MoneyMagpie

Sep 24

Brexit, how will a ‘no deal’ affect your home and your mortgage?

Brexit is supposed to happen on March 29th 2019. If we negotiate a deal with the EU then we’ll have a ‘grace period’ of 21 months (up to 31st December 2020) to sort things out. In that time we will carry on as before. However, if no deal is struck then we will ‘fall off a cliff’ on 29th March 2019 and the rules, benefits, tariffs and taxes we had under the EU will be up for grabs.

Here we are looking at what could happen after 29th March 2019 if we don’t cut a deal.

 

house price crash

London street

House prices in London have slowly sunk since the Referendum result in 2016. It’s likely that, if no deal is struck, prices in the capital and elsewhere in the country will continue to sink.

Currently the average estate agency has 39 properties on it’s books, around 300 possibly buyers and actually sells nine properties per month. This is not good business for estate agencies. If this situation continues to worsen, some agencies could go under before March 29th. Others might fall after that date if there’s no deal.

The reason for the slump is uncertainty.

Buying a property is a very big outlay and, for most people, involves a significant mortgage – i.e. a whopping great loan. Few people want to risk their money and take on a huge loan that they potentially won’t be able to pay off. Because things are so uncertain, a lot of people are not sure if they will have a job or a business after a hard Brexit, so they are being cautious about what they invest in.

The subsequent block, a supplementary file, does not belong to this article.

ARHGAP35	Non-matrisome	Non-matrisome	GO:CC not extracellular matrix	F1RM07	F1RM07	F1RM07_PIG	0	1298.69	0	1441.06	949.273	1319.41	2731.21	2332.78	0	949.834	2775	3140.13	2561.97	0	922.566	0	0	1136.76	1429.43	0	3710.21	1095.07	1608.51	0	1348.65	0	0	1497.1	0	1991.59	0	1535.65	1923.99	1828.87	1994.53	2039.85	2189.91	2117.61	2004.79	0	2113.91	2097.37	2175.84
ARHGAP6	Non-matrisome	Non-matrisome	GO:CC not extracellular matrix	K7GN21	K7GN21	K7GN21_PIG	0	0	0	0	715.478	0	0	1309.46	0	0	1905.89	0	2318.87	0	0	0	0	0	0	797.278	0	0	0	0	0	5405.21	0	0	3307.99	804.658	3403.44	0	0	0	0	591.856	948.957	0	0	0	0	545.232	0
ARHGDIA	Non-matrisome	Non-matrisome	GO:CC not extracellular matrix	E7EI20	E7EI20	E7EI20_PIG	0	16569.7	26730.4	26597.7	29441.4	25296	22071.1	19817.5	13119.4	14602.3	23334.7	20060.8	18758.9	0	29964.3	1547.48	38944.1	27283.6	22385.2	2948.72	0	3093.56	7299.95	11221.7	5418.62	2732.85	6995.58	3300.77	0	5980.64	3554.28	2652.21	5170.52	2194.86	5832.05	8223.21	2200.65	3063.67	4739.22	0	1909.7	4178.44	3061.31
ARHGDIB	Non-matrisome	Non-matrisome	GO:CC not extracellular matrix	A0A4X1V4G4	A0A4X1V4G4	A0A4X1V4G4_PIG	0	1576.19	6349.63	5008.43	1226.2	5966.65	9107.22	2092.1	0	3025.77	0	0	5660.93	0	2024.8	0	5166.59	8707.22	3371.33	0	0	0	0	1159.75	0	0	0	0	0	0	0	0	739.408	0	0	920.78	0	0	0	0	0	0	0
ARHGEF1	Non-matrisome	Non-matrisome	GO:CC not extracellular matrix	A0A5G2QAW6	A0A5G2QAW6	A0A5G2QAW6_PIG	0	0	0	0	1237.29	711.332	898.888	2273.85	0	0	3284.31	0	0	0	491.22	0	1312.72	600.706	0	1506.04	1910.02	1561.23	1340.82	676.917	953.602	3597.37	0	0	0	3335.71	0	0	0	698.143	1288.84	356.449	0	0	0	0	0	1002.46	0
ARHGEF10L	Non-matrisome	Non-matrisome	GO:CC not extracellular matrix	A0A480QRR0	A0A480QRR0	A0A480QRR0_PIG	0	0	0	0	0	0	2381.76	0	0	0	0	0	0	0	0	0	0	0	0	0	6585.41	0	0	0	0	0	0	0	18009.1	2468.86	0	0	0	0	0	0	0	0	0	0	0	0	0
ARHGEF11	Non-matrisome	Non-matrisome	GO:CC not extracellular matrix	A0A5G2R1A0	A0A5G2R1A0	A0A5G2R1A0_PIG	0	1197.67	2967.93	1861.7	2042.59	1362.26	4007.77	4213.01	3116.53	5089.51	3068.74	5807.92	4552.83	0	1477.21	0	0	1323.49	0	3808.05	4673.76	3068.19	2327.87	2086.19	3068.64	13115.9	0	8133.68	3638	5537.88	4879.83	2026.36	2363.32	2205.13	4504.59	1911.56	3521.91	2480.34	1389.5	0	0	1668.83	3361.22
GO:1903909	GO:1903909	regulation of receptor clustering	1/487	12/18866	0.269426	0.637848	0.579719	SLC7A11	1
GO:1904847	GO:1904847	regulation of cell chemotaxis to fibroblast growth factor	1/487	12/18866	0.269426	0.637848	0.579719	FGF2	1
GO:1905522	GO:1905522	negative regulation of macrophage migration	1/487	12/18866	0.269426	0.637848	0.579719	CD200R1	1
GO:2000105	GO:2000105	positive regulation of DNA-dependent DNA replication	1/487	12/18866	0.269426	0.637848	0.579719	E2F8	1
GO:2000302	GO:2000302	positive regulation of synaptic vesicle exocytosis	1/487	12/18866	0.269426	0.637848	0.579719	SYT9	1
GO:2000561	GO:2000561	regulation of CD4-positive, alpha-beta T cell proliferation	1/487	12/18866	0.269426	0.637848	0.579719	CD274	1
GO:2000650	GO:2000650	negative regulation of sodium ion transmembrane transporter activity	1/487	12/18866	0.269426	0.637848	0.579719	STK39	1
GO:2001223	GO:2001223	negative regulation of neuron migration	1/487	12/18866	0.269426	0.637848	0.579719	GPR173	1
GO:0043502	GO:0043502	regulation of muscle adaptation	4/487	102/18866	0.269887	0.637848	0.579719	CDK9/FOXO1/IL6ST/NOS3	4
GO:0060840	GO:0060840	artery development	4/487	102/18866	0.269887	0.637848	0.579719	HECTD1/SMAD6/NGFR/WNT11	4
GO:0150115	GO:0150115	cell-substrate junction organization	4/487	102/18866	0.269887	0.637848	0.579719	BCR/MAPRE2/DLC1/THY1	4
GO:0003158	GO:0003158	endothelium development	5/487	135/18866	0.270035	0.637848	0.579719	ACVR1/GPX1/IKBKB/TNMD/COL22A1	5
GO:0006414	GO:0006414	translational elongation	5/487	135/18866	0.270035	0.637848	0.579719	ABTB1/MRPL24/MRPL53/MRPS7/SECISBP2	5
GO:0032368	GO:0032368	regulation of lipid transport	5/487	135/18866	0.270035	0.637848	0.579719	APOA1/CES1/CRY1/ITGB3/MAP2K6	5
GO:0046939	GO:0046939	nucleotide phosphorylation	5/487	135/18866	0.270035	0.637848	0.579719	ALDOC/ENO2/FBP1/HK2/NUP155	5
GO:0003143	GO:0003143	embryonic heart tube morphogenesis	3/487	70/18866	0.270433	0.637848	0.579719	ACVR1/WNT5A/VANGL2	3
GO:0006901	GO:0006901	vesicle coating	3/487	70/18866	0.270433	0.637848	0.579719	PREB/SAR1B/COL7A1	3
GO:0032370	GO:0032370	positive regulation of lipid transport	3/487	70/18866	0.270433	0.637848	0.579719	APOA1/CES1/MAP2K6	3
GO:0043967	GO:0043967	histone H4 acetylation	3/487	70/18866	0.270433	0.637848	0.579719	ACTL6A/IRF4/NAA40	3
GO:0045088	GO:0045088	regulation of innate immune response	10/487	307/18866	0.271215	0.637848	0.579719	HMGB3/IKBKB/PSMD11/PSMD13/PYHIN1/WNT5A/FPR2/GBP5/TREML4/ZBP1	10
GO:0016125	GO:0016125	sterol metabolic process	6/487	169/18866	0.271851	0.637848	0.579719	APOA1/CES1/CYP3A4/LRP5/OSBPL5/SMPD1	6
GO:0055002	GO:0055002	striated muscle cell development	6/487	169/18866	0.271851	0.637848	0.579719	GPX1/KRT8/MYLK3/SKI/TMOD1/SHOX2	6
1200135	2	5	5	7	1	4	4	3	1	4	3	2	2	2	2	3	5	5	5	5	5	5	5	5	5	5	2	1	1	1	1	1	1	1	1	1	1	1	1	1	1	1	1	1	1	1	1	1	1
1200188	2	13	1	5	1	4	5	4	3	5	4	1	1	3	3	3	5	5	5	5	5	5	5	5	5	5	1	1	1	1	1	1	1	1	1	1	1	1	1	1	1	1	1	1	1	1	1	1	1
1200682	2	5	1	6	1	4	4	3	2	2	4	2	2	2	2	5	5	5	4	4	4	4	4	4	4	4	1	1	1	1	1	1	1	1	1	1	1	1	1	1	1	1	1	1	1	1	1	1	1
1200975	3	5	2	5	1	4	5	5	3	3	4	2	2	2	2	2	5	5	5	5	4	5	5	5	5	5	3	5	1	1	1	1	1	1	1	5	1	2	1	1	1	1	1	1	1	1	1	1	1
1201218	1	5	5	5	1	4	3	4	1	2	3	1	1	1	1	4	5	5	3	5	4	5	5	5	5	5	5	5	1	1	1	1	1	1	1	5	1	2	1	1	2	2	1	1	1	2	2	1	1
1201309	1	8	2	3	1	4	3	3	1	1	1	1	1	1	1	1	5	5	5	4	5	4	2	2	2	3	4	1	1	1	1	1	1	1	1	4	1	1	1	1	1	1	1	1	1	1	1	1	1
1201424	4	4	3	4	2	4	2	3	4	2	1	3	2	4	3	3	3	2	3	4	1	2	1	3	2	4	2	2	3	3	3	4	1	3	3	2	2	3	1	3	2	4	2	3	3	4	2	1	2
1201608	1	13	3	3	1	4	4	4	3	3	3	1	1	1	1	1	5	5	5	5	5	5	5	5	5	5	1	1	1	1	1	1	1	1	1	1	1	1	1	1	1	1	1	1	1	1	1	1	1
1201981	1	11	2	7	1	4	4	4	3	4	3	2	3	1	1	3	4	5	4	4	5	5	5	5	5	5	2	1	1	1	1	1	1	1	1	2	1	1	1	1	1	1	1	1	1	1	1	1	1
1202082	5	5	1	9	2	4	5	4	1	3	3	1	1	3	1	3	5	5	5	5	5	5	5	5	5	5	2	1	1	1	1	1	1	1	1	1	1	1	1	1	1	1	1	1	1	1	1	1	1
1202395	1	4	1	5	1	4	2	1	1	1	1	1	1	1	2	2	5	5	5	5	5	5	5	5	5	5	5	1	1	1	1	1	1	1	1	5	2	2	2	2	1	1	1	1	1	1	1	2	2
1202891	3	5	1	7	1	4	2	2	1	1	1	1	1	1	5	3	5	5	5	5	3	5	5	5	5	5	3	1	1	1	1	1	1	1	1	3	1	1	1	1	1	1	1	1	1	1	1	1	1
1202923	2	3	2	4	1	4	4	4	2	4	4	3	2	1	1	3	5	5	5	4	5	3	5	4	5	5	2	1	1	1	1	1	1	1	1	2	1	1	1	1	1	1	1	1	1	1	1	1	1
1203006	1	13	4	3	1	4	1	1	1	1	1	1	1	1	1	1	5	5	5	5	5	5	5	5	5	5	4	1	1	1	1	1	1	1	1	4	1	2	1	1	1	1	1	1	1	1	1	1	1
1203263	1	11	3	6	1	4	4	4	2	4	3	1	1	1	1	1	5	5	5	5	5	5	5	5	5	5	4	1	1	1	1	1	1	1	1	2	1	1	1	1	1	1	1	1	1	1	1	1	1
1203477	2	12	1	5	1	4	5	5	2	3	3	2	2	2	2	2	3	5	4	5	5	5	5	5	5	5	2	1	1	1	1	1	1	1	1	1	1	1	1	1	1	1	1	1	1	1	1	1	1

At the same time, people who would otherwise be selling their property are putting it off as they can see that they won’t get the sort of money they want right now. Many are hoping for a good deal or maybe another Referendum where the country decides not to leave so that the price of their home will go up.

You would think this would all be good for first-time buyers, and to some extent it is. Prices are definitely coming down – though not everywhere. Recently prices in Scotland and Northern Ireland have actually gone up a bit, although it’s not certain if they will hold up in the run-up to Brexit. if you’re looking to buy in the South and London particularly then there are better prices around than the were, although the supply is reduced because so many owners are playing wait-and-see.

If a good deal is struck, or if the UK decides at the last minute not to pull out of the EU, house prices are likely to bounce back as those who held back get into the market again. So, if you’re wanting to buy a place, and you think that scenario is likely, get on and buy now while homes are really cheap. Mortgage rates are still astonishingly low as you can find out by speaking to our brokers, London & Country Mortgages.

 

mortgage rates

Mortgage Documents

Currently, as I’ve said above, mortgage rates are delightfully low. Whether you go for a fixed rate or a tracker rate (where the mortgage interest you pay goes up and down as the Bank of England base rate goes up or down) there are really good deals to be had.

The Bank of England has already nudged rates up by a tiny quarter of a percent and they really want to put it up further but as the economy staggers under the uncertainty of a no-deal Brexit the Monetary Policy Committee (MPC) is loathe to do it.

After a no-deal Brexit, it’s likely that the economy will suffer for a while so the MPC is likely to continue to hold off raising rates. They might even cut them again. There’s not a lot to cut but there is something. In fact, some economists say that Mark Carney, the Governor of the Bank of England, put rates up slightly this year in order to give himself something to cut in an emergency.